“Do not touch nothing. The truth will be revealed by the facts as they exist.”
-Hercule Poirot’s in the Murder on the Orient Express
One of the biggest challenges of using options, as an investment tool, is that you must be right on direction and price target, and also accurate in your timing. And, with all the recent turmoil getting it right at the exact right moment, it’s especially difficult.
You can buy a call with too short of an expiration period, watch the stock go up, and actually lose money because time decay will offset most or all of the directional gains if the move does not come soon enough. Sell a put, or establish a position for a net credit using long-dated options to get more premium, and an adverse move in the short-term can cause a large-enough drawdown to knock you out of the position for a loss.
Butterfly spreads are a good, low-cost way to establish positions that are not impacted by time decay or short-term price movement. Due to their balanced construction, their value only becomes price sensitive — but exponentially so — as expiration approaches. In this way, one can eliminate the need to be right about the velocity of the price move — you need only be correct about the price level a given point in time. This makes them useful as both protective positions and potentially highly-profitable directional bets.
A Stack of Spreads
A butterfly is a 3-strike position that involves a combination of the following:
-The sale (or purchase) of 2 identical options
-The purchase (or sale) of 1 option with an immediately higher strike than the 2 identical
-The purchase (or sale) of 1 option with an immediately lower strike than the 2 identical
All options must have the same underlying stock and have the same expiration date.
One way to think of butterflies is as a combination of 2 vertical spreads — one bullish and one bearish — with a common middle strike. It has a 1 x 2 x 1 construction.
Today, we’ll focus on the long butterfly, in which the two outside strikes are purchased and the “body”, or center strike, is sold for a net debit. This “stack of spreads” (one long, one short) creates a position that is initially both near delta and theta neutral. This means that changes in price and time, and even implied volatility, have little impact on the value of the position.
This strategy’s name undoubtedly is derived from its structure of a midsection and 2, equidistant outside pieces. This creates a profit-loss diagram with 2 “wings” in which the middle common strike is typically sold short and represents the price of maximum profit on expiration day.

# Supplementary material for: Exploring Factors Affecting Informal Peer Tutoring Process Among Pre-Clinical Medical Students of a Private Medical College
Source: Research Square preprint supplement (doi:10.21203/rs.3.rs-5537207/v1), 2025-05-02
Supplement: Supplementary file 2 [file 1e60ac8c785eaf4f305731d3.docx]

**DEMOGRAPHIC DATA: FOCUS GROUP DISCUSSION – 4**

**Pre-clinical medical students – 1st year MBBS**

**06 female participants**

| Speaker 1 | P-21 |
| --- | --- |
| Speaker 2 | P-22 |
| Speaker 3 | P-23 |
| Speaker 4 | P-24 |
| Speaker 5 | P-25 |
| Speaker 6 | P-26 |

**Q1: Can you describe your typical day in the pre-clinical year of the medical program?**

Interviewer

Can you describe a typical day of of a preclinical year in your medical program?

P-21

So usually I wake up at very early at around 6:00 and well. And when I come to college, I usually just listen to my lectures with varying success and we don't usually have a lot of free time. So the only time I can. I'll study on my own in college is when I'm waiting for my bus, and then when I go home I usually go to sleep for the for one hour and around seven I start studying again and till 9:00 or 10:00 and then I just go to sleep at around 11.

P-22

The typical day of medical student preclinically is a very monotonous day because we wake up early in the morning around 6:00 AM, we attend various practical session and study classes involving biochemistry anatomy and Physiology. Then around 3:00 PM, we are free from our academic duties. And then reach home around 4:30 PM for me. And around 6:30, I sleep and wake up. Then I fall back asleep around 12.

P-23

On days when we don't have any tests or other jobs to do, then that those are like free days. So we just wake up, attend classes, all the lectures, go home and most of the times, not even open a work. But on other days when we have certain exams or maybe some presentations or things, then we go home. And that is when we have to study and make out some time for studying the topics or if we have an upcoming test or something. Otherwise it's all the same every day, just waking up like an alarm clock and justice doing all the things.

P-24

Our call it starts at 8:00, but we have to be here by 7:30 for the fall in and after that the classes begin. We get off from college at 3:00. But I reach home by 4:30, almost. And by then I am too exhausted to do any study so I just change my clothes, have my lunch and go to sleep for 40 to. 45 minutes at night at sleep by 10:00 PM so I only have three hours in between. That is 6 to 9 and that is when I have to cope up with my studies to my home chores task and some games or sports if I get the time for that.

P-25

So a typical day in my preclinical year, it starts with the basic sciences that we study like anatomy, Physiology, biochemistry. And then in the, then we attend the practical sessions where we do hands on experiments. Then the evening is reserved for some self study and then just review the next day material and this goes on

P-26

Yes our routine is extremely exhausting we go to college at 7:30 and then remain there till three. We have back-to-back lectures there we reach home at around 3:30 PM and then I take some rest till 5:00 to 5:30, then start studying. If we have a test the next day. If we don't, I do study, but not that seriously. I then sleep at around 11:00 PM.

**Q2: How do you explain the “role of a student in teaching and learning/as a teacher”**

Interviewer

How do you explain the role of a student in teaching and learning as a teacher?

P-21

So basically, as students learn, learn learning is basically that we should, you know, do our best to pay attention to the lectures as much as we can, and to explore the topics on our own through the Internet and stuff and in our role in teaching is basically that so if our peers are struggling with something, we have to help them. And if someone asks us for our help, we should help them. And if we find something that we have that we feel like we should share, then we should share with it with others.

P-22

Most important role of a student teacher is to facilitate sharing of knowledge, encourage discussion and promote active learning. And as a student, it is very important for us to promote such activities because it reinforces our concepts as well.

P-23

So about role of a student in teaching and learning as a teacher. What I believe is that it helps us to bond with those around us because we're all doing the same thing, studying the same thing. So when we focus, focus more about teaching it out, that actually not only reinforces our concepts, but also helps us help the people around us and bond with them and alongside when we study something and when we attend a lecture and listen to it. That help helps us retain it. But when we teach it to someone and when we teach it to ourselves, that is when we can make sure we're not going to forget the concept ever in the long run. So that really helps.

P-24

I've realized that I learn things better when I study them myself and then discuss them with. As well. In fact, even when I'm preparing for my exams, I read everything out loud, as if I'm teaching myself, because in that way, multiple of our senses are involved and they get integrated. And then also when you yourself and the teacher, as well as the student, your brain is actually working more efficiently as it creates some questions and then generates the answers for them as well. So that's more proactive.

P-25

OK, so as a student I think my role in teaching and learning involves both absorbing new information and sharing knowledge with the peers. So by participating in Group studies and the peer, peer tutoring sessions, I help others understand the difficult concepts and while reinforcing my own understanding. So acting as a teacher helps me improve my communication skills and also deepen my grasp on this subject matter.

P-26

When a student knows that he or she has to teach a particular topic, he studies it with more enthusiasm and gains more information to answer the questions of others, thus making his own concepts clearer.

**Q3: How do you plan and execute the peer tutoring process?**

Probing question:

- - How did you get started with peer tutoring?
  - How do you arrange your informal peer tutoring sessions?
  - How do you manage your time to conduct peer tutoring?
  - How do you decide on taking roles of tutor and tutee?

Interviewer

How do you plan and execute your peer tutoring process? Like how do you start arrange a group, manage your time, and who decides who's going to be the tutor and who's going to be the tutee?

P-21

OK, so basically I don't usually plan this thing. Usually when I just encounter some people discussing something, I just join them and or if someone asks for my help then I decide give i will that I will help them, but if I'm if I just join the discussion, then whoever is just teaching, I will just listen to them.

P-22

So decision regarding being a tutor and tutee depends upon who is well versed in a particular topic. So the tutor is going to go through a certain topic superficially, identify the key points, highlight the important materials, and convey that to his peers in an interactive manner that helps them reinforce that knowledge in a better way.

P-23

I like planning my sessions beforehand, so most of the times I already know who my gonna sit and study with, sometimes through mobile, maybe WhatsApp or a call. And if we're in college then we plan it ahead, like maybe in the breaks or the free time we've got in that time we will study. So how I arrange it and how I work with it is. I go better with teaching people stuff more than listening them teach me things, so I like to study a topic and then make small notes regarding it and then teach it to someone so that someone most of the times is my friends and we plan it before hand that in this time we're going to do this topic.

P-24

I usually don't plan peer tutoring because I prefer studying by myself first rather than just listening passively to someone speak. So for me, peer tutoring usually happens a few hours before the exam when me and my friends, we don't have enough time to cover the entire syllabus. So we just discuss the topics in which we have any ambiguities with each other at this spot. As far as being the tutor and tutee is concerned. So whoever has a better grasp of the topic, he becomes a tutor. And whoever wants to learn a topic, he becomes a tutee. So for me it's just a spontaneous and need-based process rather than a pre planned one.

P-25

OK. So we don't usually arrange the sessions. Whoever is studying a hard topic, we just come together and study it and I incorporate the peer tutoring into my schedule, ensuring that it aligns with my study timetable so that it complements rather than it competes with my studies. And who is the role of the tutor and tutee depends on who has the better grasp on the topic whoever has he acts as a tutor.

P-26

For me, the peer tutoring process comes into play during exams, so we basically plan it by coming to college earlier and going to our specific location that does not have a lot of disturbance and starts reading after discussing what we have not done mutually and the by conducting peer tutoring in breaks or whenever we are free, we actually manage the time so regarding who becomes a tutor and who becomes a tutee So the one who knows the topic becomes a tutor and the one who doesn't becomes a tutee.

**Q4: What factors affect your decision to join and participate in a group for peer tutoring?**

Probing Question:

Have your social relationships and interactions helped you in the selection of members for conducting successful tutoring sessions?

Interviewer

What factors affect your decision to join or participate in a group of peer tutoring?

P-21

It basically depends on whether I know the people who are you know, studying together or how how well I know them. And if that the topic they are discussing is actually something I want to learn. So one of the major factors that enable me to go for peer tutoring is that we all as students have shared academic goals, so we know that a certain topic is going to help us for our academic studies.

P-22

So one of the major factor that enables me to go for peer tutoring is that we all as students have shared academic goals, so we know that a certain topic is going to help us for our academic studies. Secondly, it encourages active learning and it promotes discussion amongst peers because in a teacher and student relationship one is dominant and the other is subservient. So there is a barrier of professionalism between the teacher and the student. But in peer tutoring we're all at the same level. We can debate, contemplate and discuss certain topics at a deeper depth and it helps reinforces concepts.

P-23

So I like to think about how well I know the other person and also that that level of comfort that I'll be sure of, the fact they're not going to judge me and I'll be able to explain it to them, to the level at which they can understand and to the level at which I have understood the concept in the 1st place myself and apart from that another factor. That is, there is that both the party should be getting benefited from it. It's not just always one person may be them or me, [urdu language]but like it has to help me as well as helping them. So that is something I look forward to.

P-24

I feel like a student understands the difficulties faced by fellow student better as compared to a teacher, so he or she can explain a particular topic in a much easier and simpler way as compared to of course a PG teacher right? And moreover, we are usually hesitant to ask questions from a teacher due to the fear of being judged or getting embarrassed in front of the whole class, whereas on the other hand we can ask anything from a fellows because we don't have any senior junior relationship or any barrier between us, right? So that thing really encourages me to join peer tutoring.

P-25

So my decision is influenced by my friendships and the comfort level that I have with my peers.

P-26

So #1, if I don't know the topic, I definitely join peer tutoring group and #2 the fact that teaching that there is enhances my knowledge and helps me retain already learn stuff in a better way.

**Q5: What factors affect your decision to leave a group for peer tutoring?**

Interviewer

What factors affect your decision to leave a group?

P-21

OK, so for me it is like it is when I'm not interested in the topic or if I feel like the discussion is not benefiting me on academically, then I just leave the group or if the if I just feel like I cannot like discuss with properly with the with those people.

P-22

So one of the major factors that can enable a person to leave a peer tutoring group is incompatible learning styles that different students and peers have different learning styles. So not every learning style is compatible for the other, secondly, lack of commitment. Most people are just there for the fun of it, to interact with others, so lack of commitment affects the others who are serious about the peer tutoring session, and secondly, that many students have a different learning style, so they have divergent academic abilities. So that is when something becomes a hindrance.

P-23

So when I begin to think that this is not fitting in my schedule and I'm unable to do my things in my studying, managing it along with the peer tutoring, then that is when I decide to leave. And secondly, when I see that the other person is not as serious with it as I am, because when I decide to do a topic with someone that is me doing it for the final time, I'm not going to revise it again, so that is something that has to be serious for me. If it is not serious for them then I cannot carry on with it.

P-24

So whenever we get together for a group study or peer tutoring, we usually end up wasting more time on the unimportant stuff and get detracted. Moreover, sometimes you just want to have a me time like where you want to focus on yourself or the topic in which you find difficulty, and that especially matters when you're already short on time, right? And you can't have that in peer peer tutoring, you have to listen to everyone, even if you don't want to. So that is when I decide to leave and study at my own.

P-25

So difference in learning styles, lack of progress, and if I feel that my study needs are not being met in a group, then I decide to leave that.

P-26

For example; with SPDR S&P 500 (SPY - Get Rating) , if one thinks the market can rebound in coming weeks, maybe Trump goes back to negotiating before the September 1st tariffs go into effect, you can set up a bullish butterfly spread.
- -Buy 1 Aug (8/30) 284 call
- -Sell 2 Aug (8/30) 290 call
- -Buy 1 Aug (8/30) 296 call
For a Net debit of $1.25
The maximum profit is $4.75 (calculated by the width between strikes minus the cost or $6-minus 1.25 =4.75) and would be realized if SPDR S&P 500 (SPY - Get Rating) is exactly at $290 on the 8/30 expiration.
As the P/L graph below shows that would be a 380% gain. But note, almost all of the profits would accrue as the expiration date approaches-the green line. During the interim, the position’s value stays fairly stable.
For this reason, butterfly positions are often referred to as “vacation positions” because they’re low cost and have minimum risk, and you can basically put them on and forget about them for a while. For most retail investors, there’s no need for monitoring or adjustments on a daily or even weekly basis, until expiration approaches.
The trade-off is that significant profits can only be realized near expiration. As expiration approaches, the position’s gamma, or rate of change in delta, increases dramatically, so the incremental profits that might have accrued over a few weeks can evaporate in a few days.
However, the low-cost nature of these positions can make them very useful as a portfolio protection tool for less active traders. Let’s assume that one would like to hedge downside risk in a reasonably diversified portfolio. It might make sense to buy some wide width butterfly spreads — let’s say $10 between strikes — on the Spyder Trust (SPY) that would land in the profit zone on a 5% to 10% market decline.
More active traders will often use butterflies in multiple layers, to maintain an inventory of spreads that can both deliver profits across several price levels and expirations to trade against shorter-term price swings.
Given the nature of the price stability of these spreads, this can be an especially powerful tool for establishing positions that won’t get shaken out during short-term volatility.
You basically set it and forget it, and hope price lands on your middle strike and the butterfly emerges as a beautiful profit.
SPDR S&P 500 (SPY - Get Rating) shares were trading at $287.01 per share on Wednesday afternoon, down $0.79 (-0.27%). Year-to-date, SPDR S&P 500 (SPY - Get Rating) has gained 15.91%, versus a % rise in the benchmark S&P 500 index during the same period.
This article is brought to you courtesy of Stock News.
About the Author: Steve Smith
Steve has more than 30 years of investment experience with an expertise in options trading. He’s written for TheStreet.com, Minyanville and currently for Option Sensei. Learn more about Steve’s background, along with links to his most recent articles. More...
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